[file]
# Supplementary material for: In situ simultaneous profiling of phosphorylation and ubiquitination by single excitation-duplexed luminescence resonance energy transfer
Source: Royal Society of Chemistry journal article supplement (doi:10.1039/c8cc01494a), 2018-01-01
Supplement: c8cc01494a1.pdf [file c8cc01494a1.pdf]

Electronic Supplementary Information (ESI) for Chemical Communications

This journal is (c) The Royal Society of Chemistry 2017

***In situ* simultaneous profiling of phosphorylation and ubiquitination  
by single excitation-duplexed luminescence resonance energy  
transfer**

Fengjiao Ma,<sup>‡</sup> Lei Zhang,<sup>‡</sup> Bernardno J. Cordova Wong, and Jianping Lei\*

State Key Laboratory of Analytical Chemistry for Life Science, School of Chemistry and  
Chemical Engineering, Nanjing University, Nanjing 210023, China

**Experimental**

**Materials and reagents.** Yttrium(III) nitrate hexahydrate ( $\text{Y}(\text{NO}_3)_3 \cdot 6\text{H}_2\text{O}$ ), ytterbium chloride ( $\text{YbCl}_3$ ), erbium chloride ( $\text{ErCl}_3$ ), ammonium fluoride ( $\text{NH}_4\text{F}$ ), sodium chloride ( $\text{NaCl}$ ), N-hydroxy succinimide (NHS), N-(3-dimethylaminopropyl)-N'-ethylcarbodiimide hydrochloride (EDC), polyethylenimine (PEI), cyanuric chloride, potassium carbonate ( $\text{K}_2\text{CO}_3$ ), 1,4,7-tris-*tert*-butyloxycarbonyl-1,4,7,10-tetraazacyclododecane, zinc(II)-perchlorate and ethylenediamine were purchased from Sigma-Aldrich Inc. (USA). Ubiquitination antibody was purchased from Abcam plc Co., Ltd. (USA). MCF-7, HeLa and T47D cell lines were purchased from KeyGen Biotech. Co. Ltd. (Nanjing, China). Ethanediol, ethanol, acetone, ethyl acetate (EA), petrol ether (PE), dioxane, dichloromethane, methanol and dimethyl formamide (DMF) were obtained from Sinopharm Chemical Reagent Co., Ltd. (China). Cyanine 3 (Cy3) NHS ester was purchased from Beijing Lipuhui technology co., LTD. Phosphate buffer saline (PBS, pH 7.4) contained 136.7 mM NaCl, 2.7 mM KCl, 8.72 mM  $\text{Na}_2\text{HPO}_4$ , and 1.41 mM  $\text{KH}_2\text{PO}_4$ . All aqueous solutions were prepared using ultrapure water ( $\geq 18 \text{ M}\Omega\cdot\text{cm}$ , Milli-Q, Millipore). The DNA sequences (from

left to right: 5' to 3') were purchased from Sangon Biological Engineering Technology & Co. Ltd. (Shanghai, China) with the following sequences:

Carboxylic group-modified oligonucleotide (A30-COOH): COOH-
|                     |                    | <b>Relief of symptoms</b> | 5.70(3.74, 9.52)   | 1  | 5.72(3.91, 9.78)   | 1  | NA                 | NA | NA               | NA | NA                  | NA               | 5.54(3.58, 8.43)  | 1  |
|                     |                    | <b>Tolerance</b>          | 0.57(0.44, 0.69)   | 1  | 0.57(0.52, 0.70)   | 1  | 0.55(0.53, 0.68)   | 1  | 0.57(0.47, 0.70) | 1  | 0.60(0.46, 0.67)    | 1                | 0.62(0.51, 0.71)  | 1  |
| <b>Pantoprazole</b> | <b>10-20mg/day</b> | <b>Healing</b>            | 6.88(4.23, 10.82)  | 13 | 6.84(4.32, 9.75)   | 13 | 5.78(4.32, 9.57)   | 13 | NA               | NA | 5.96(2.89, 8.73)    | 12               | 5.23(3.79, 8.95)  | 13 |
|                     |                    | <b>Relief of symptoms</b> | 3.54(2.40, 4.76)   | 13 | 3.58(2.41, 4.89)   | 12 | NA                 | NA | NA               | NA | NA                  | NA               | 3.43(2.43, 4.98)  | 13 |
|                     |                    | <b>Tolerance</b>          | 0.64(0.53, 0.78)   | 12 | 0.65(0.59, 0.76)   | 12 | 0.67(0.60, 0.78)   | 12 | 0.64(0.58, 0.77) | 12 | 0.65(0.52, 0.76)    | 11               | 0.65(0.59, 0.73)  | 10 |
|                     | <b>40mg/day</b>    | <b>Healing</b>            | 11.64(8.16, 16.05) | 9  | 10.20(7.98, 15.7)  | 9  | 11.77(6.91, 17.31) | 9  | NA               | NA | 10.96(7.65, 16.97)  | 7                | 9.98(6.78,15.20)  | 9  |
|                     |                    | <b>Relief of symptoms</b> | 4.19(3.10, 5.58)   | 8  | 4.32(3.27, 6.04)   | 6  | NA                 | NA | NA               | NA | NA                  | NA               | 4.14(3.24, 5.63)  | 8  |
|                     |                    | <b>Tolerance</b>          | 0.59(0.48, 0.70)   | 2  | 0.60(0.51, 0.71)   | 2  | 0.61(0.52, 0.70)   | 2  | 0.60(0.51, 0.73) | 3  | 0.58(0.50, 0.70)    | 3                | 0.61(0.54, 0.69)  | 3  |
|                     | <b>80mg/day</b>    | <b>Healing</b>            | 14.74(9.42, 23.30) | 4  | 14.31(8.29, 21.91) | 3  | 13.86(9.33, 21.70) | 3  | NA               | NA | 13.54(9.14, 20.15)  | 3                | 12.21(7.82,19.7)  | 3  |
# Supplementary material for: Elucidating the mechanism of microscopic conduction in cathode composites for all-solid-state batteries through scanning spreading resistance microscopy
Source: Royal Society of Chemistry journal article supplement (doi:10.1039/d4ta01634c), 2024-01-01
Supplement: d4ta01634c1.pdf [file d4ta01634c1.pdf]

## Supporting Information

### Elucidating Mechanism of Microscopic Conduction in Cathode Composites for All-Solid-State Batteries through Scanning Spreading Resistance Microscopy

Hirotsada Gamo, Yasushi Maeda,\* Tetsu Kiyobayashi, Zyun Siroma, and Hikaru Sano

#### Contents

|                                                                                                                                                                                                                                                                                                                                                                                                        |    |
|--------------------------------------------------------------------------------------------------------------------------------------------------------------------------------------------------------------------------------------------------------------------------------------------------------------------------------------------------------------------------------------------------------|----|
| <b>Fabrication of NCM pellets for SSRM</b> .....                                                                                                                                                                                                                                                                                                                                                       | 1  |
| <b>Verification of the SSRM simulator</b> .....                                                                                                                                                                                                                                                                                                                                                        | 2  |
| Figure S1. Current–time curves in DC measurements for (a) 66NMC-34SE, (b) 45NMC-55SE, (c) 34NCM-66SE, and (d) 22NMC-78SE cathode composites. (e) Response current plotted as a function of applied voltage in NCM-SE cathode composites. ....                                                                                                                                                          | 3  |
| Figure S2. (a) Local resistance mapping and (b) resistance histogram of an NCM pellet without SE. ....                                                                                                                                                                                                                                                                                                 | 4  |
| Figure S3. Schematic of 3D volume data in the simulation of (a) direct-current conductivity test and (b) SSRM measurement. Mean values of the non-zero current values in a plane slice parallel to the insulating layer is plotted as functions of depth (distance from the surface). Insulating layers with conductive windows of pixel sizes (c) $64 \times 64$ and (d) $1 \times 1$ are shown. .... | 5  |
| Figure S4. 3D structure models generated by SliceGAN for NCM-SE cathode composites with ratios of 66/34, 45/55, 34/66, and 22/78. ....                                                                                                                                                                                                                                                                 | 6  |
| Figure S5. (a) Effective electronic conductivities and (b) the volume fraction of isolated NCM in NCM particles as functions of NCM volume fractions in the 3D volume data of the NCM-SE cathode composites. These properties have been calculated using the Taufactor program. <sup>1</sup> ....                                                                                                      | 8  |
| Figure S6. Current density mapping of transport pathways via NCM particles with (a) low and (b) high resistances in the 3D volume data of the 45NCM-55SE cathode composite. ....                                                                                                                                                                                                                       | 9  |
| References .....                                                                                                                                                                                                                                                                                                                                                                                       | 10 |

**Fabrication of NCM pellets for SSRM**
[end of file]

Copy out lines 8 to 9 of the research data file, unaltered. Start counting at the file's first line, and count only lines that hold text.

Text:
transfer**

Fengjiao Ma,<sup>‡</sup> Lei Zhang,<sup>‡</sup> Bernardno J. Cordova Wong, and Jianping Lei\*